When my friend and I were creating an offshore gambling application for a sports bookie in [censored] we decided to go with Zope. Our decision was made on a couple factors. Mandrake could encrypt both disk and swap out of the box, Zope had (has) an incredible security model, and very few sports betters would likely to know Python. (Yeah, you with the glasses, I know all about you. I know you exist but you weren't on our books).

    In any event, when we looked at Plone we ditched it immediately. It was too much. We lost all the abilities to control the minutia of any given piece that we wanted and the bubble up ability of Zope was more or less lost.

    I'm NOT saying don't use Plone. It has a lot going for it... but don't forget to look under the hood and see if straight Zope will do what you need first.
  • SLASHDOT SUX0RZ (Score:0, Informative)

    by Anonymous Coward on Wednesday November 07, 2007 @01:58PM (#21269747)
    .| |
    professional goatse development []
  • by Just Some Guy ( 3352 ) <> on Wednesday November 07, 2007 @02:05PM (#21269839) Homepage Journal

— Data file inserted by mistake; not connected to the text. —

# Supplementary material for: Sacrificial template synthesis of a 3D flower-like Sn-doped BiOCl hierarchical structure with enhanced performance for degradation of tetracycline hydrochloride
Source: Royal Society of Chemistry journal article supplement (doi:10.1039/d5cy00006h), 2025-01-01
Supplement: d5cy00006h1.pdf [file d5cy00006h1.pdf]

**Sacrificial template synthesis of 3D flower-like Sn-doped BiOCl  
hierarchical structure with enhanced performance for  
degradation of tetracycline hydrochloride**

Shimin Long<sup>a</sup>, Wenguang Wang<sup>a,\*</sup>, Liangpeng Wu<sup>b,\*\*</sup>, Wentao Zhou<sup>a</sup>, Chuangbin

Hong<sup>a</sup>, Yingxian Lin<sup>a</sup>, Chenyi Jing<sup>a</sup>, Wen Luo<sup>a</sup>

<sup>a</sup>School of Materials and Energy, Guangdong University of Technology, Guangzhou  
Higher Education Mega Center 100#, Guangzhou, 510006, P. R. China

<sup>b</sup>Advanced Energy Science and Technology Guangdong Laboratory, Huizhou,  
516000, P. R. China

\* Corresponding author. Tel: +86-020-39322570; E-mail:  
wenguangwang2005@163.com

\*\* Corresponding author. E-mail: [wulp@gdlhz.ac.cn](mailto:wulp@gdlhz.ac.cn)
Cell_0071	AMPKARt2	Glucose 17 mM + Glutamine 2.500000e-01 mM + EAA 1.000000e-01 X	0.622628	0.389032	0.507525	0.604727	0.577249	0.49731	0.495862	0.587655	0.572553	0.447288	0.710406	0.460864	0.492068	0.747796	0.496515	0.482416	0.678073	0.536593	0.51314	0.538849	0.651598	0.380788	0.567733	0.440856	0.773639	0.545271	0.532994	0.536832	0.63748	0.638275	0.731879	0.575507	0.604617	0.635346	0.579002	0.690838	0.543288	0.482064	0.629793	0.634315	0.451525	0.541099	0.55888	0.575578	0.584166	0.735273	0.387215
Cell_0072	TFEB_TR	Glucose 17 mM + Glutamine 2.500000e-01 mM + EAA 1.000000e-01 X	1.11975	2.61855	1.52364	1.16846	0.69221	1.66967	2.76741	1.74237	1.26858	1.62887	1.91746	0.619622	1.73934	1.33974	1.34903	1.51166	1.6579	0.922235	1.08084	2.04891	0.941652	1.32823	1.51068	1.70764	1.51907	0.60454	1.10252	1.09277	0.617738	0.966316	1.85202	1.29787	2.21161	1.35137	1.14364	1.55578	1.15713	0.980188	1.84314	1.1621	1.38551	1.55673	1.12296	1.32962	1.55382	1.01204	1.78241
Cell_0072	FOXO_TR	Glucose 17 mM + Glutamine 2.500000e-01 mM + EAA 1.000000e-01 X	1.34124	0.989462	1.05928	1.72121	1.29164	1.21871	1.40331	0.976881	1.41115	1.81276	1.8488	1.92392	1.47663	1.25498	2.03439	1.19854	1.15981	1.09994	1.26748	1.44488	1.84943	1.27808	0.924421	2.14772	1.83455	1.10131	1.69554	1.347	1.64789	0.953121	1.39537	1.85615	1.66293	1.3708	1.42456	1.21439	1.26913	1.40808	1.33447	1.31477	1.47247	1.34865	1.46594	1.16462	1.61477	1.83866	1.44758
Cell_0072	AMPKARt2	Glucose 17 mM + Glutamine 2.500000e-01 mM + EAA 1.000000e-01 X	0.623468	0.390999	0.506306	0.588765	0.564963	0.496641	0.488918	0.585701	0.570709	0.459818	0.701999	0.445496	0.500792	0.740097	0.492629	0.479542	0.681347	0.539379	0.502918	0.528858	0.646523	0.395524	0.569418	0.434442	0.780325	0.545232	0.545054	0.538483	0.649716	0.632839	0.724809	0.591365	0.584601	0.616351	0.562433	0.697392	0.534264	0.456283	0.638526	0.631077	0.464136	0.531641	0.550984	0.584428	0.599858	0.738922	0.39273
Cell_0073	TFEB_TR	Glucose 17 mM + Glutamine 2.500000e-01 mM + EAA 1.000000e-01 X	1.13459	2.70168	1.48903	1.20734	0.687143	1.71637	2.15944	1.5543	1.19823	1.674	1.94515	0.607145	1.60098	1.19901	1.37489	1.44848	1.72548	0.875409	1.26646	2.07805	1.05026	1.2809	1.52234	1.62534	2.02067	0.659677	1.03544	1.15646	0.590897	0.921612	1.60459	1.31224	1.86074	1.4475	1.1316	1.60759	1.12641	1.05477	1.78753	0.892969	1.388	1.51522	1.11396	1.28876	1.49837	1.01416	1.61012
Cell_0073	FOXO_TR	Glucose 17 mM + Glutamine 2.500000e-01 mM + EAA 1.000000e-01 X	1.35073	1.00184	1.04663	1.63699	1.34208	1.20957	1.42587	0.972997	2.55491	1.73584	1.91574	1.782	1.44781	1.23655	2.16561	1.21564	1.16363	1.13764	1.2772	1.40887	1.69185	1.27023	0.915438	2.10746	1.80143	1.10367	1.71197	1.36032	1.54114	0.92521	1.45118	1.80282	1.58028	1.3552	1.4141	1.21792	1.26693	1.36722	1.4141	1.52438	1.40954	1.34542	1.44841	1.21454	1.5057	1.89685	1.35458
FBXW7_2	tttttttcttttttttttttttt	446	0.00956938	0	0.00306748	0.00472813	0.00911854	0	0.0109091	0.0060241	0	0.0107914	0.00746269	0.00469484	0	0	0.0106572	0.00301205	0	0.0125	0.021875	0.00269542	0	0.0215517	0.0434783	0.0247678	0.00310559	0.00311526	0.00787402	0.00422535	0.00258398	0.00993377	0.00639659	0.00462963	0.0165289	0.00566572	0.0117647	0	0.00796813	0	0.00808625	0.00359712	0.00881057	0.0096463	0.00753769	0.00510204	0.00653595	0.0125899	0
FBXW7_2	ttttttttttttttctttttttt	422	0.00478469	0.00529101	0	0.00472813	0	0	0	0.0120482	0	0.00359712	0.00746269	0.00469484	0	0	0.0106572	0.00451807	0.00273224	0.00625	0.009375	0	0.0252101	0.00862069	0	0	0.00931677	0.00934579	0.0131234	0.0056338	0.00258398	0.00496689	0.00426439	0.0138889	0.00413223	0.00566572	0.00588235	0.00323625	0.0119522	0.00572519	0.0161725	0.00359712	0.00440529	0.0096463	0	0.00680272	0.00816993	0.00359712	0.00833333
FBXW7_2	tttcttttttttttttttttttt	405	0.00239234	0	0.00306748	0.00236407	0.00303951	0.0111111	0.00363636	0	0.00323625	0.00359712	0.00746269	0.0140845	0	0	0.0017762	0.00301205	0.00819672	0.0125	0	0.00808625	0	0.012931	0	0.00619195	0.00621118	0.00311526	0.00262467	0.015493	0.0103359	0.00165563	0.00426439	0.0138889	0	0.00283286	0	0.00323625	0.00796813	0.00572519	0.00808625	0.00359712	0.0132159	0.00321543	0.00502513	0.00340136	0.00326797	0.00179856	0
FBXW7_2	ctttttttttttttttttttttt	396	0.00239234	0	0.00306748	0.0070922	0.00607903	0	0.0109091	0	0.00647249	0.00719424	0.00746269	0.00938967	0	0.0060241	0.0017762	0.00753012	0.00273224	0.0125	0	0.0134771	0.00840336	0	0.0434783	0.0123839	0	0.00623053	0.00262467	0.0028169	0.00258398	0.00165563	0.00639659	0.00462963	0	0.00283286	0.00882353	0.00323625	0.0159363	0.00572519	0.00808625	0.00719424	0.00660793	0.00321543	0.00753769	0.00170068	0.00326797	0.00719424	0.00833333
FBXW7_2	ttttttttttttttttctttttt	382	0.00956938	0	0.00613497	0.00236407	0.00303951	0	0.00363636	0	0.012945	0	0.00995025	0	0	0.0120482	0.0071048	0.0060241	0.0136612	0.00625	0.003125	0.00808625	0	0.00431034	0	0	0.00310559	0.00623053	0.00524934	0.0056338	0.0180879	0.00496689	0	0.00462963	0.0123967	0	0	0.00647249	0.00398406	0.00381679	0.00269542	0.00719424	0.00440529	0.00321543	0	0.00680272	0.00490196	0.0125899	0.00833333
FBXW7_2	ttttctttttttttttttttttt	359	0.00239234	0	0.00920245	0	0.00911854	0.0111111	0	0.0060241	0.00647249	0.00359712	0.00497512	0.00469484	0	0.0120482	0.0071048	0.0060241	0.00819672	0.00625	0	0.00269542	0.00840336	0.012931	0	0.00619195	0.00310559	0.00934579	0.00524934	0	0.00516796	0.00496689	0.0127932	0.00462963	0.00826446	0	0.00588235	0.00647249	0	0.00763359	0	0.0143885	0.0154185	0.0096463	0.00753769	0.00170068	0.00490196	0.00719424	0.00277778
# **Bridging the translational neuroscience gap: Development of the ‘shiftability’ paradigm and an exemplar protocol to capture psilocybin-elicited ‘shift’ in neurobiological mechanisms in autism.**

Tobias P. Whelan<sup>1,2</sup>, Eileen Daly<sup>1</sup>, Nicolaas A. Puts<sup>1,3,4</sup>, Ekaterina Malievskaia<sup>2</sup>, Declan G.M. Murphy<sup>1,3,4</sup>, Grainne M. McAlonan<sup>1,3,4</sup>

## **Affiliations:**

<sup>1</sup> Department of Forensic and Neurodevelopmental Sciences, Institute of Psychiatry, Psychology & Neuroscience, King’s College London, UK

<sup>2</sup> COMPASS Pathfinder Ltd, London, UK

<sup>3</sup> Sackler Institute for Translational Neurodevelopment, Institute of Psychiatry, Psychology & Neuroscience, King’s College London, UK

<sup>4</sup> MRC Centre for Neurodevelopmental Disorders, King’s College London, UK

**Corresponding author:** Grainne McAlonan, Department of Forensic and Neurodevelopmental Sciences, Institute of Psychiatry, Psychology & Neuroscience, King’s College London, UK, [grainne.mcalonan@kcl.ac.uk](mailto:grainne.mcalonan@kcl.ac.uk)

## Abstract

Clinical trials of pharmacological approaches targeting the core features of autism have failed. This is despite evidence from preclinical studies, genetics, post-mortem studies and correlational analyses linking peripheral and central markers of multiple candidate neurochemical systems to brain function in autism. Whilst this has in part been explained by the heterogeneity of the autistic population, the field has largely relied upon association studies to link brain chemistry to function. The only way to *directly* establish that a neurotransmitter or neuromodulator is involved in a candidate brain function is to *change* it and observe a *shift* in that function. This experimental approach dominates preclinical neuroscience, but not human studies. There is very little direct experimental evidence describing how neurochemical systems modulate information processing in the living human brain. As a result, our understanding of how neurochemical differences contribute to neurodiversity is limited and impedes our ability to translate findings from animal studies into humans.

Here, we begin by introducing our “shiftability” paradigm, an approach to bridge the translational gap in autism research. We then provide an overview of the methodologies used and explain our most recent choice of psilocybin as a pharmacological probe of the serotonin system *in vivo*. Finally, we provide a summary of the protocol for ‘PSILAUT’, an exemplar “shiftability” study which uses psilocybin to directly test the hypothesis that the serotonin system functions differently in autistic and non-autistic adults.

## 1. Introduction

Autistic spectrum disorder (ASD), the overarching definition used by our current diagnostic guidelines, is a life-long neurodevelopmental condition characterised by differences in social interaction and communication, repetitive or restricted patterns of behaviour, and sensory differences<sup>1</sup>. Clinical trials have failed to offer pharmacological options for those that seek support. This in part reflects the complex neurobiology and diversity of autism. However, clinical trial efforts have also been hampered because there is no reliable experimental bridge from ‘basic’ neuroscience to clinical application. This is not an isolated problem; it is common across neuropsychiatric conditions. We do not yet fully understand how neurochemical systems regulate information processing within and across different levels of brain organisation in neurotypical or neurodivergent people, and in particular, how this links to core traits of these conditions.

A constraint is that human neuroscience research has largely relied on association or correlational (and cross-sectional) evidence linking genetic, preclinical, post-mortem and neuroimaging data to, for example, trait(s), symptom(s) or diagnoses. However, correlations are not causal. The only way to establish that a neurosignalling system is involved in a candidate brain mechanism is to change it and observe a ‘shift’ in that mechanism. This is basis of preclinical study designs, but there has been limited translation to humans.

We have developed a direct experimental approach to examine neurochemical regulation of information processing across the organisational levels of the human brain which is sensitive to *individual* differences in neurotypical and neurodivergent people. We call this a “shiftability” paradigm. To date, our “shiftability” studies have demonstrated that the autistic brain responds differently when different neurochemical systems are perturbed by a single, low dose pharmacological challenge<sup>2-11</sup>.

I love Python. In fact, I wrote a short magazine article [] about how much I like it (although I admit that the promised sequel never materialized; sorry Tony). Having said that, working with Plone was like pulling teeth. It's obviously a nice system with huge potential and excellent customization options, but the learning curve is enormously steep.

    We ended up abandoning our Plone intentions and moving toward Drupal for pre-made CMS stuff; even if I don't like hacking in PHP, hundreds of other people have already done most of the work [] for just about anything we might conceivably want to do. For true web application development beyond content management, we switched to Django and haven't looked back. If you already know Python, Django's learning curve is exceedingly shallow.

    I don't hate Plone. It's just that it didn't seem to offer anything more than its competition, and that's from someone who already built a large web application in Zope (which is the platform Plone is built upon). Having said that, this book and others like it can hopefully make it a lot easier to get started with Plone development. It has great possibilities if you can get past the startup cost.